RhoA is 86% identical to RhoB differing mainly in the C-terminal sequence. As shown in Fig. 5a, GFP-RhoA was cytosolic and stable, suggesting that RhoB C-terminus contains the structural determinants for degradation. To test this hypothesis, we prepared chimeric proteins of GFP with several short sequences from RhoB C-terminus (Fig. 5b). Interestingly, chimeric proteins containing only the last 22, or even the last 8 amino acids of RhoB, showed a GFP-RhoB-like distribution, and were not stable. In contrast, the fusion protein containing only the CAAX box appeared diffuse with a perinuclear accumulation, and was not detectably degraded. Thus, the isoprenylation motif alone is not sufficient, but a sequence containing the isoprenylation and the two palmitoylation sites of RhoB (CINCCKVL) efficiently directs protein localization and degradation.

In order to investigate if this sequence was targeting chimeric proteins for degradation through a lysosomal pathway, we assessed the localization of the GFP-CINCCKVL construct, termed GFP-8, in the presence of lysosomal inhibitors. GFP-8 significantly co-localized with RFP-RhoB and LTR in control cells (Fig. 6a). Moreover, in cells treated with chloroquine or with bafilomycin A1 GFP-8 was retained inside LTR-positive dilated vesicles, likewise GFP-RhoB/LTR (Fig. 2c). Furthermore, GFP-8 accumulated in U18666A-induced dense MVB visible by DIC (Fig. 6b), where it co-localized with RFP-RhoB and LBPA (Fig. 6c). Thus, GFP-8 is internalized into MVB by mechanisms similar to those operating on RhoB.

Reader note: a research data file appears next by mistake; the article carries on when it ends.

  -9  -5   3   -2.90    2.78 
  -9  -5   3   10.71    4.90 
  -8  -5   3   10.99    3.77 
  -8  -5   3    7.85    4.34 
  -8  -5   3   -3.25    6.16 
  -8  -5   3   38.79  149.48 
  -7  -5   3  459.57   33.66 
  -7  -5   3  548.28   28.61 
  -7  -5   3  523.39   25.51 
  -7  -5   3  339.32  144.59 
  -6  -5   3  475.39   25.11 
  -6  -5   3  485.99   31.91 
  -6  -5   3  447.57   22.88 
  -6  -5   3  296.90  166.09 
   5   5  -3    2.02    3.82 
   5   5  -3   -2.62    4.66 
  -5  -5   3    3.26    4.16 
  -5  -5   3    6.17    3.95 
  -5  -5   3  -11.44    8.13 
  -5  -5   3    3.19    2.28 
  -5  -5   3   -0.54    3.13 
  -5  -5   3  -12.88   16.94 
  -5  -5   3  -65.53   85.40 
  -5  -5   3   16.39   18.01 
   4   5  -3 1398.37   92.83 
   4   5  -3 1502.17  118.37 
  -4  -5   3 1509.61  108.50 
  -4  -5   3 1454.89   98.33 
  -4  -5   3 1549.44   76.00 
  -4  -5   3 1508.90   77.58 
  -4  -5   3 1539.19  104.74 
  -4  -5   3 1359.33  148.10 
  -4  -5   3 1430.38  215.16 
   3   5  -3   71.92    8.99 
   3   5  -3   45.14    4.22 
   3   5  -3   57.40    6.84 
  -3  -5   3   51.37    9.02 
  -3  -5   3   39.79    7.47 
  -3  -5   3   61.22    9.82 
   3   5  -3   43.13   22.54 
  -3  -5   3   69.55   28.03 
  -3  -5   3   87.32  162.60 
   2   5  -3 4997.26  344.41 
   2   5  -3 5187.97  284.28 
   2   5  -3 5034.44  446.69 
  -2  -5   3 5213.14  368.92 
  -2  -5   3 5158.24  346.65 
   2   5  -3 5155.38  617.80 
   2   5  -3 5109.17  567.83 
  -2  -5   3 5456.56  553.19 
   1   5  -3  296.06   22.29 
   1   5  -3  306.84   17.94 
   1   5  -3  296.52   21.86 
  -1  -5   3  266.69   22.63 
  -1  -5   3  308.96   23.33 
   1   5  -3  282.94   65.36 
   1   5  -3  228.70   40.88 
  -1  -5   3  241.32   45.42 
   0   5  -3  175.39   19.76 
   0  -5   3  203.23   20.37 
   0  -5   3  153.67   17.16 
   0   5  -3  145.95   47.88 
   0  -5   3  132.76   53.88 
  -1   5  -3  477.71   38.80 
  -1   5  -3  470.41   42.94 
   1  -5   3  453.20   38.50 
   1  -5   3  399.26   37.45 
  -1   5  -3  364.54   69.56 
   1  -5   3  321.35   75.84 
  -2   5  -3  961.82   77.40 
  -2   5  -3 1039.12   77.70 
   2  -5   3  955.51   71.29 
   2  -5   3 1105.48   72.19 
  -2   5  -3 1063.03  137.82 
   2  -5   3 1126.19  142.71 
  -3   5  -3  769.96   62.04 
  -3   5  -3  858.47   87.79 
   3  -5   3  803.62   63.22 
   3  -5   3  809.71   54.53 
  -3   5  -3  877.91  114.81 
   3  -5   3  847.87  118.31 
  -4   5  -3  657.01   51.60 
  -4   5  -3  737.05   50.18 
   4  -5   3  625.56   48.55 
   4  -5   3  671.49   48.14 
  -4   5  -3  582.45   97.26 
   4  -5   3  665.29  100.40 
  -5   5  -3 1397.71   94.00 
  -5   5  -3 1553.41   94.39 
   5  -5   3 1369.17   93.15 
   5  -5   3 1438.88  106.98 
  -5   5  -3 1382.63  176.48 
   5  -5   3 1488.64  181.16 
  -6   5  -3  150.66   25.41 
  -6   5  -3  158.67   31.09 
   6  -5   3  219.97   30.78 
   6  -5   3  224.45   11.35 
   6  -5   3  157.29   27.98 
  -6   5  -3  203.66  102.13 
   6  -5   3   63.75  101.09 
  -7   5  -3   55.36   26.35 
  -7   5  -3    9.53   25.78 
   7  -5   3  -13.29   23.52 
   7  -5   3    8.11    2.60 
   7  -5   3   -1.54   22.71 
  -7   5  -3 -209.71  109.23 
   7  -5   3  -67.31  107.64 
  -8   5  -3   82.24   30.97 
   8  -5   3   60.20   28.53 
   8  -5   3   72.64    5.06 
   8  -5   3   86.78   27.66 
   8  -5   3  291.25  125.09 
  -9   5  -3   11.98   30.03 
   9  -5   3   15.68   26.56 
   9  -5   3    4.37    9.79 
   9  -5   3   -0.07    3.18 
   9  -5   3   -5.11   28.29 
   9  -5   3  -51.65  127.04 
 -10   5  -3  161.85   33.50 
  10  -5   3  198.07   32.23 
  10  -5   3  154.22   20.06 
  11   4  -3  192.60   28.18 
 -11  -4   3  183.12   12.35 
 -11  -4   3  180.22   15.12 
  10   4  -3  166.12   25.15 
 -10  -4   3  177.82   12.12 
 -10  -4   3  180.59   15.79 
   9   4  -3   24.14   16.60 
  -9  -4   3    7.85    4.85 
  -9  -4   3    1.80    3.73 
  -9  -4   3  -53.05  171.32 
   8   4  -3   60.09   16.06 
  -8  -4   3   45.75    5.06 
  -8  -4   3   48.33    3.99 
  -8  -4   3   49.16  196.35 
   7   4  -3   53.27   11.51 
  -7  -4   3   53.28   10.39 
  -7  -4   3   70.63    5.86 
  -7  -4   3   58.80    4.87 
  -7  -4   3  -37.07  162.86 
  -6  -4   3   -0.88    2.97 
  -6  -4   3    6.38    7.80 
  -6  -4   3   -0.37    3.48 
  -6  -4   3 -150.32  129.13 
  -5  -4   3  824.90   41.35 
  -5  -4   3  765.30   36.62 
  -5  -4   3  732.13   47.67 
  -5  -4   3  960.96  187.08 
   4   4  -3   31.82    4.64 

Figure 6. Localization of GFP-CINCCKVL in endo-lysosomal compartments.

(a) BAEC transfected with RFP-RhoB and/or GFP-CINCCKVL (GFP-8) were treated with vehicle, 10 µM chloroquine or 5 nM bafilomycin A1, incubated with 25 nM LTR when indicated and visualized live by confocal microscopy. (b) BAEC transfected with GFP-8 were treated with 10 µM U18666A for 24 h. DIC and fluorescence images showing dense lysosomes and GFP-8 accumulations are shown. (c) BAEC transfected with GFP-8 and RFP-RhoB and treated with U18666A as above were fixed and co-localization of GFP-8, RFP-RhoB and LBPA was detected by IF. Bars, 20 µm.

Targeting Stable Proteins for Rapid Lysosomal Degradation through the CINCCKVL Sequence

To assess the ability of the CINCCKVL sequence to induce endo-lysosomal localization and rapid degradation of stable cytosolic proteins we created additional chimeras. TagRFP, a monomeric protein only 29% identical to GFP, was diffuse and did not co-localize with GFP-RhoB or Lamp1-GFP (Fig. 7a). In contrast, the chimeric protein tagRFP-CINCCKVL (tagRFP-8) co-localized with GFP-RhoB-positive vesicles and appeared inside Lamp1-GFP-delimited vesicles. In chloroquine-treated cells, tagRFP remained excluded from RhoB-containing and Lamp1-delimited dilated MVB, whereas tagRFP-8 was totally accumulated inside. Moreover, whereas tagRFP was stable, tagRFP-8 reached lower levels and was rapidly degraded (estimated half-life of tagRFP-8 ≤3 h; Fig. 7b). As expected, tagRFP-8 migrated faster than tagRFP in SDS-PAGE gels, a feature typical of other isoprenylated and palmitoylated proteins, like RhoB or H-Ras [10], [33].